July 24, 2013
When Zeb Alley died earlier this month, lots of people in North Carolina thought they had lost one of their best friends.
Those of us who worked the Raleigh scene knew him as one of the most influential lobbyists ever to work the North Carolina General Assembly.
Zeb – almost nobody called him Mr. Alley – was a former legislator from the mountains, and he was ranked Number 1 on the list compiled by the North Carolina Center for Public Policy Research for as long as anyone can remember.
And with good reason. He knew how the legislature works. It is not exactly how the civics’ lessons teach us. Legislators are complicated people. Just like the rest of us, they have their pet projects, their special interests, their friends whom they would like to help, their enemies whom they have a hard time trusting, and their hopes for advancement and, of course, for reelection. Zeb made it his business to know about these things and help them when he could, which was almost always.
His mountain background gave him a quiet, respectful manner that won friends and drew people to him.
At Ruby and Jack Hunt’s legendary home-cooking suppers where the state’s most influential people often gathered, they gathered around Zeb. To hear his stories.
One of my favorites was about one of his clients back when Zeb was trying to make a living as a lawyer representing mountain people who got into trouble.
“This man was the most unsuccessful criminal I ever met,” Zeb said over and over again. “Tried to commit an armed robbery with a broken shot gun and one shell, which he fired as a warning shot. Ran away, but got caught by the intended victims, who beat him to a pulp before the sheriff arrived.”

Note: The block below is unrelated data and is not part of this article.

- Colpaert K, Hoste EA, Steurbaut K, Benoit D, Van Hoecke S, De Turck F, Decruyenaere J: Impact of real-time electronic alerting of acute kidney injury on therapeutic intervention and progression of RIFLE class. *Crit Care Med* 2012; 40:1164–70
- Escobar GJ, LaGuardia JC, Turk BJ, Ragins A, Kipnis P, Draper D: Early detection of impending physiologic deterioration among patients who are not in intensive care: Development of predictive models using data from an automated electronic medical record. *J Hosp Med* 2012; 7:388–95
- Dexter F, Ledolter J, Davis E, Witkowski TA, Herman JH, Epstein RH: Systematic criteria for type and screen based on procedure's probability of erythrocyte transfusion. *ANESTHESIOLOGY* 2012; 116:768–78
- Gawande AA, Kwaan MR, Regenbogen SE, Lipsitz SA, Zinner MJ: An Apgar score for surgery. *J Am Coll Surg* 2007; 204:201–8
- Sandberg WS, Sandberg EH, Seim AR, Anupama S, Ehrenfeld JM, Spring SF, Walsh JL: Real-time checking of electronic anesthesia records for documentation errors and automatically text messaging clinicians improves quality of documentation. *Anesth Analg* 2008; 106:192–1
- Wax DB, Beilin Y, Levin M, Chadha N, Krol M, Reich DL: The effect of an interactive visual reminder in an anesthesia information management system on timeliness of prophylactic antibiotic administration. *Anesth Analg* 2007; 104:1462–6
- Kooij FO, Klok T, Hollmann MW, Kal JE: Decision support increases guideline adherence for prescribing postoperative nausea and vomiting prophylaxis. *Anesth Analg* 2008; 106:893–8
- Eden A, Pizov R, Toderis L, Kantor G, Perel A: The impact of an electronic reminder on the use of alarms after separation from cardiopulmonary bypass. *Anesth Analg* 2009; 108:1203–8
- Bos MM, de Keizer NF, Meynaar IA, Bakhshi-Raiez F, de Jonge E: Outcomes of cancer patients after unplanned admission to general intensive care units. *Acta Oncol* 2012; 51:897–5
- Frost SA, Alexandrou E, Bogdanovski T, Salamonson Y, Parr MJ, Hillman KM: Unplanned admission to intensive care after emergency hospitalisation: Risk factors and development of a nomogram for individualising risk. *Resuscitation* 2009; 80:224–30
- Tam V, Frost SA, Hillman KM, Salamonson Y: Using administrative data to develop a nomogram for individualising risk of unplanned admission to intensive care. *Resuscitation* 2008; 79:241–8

“Then he was charged with attempted rape, which was terrible. But it was only ‘attempted’ because he fell asleep before he completed the crime.”
When Zeb would try to stop, his friends urged him on and on.
I thought to myself, if I were a legislator, my door would always be open to Zeb. I would stop whatever I was doing just to hear him tell another story.
An open door to an important legislator’s office is the effective lobbyist’s most prized possession.
An open door to the office of a powerful and busy legislator gives a lobbyist the opportunity to present his or her client’s positions in the most positive way. More importantly, it gives the lobbyist the chance to hear the legislator’s real worries and problems about those positions. An experienced and effective lobbyist like Zeb can often work out a way to deal with those problems – or to work around them.
Unlike the inept criminal who only had one shell in his shotgun, Zeb’s always had multiple ways to work around a problem.
Of course, Zeb and other effective lobbyists do not always win or get everything their clients wanted. Babe Ruth didn’t hit a home run every time he went to the plate either. But when Babe was at the plate, you knew you had the best chance of success. Same with Zeb.
Like many of the best old-time lobbyists, he also worked for free to help some people and groups who would never be able to afford to pay for his talents. He took a special interest in veterans, who like himself carried wounds from their service to our country.
Every time I watched Zeb in action or heard about one of his successes, I wished that, somehow, every North Carolinian could have someone like him to look out for their interests in the legislature.
D.G. Martin hosts “North Carolina Bookwatch,” which airs at noon on Sundays and at 5 p.m. Thursdays on UNC-TV. For more information or to view prior programs visit the webpage at www.unctv.org/ncbookwatch
This week’s (July 28, Aug. 1) guest is John Hope Franklin author of “Mirror to America.”
John Hope Franklin, who died in 2009 at 94, could be called North Carolina’s Nelson Mandela. Like Mandela, Franklin insisted on accountability and redress for the injustices of his country’s racist past, but always, in his gentle and dignified manner, ready to engage and make common cause with his former opponents. In 2006, Franklin appeared on North Carolina Bookwatch to discuss his memoir, “Mirror to America.
A grant from the North Carolina Humanities Council provides crucial support for North Carolina Bookwatch.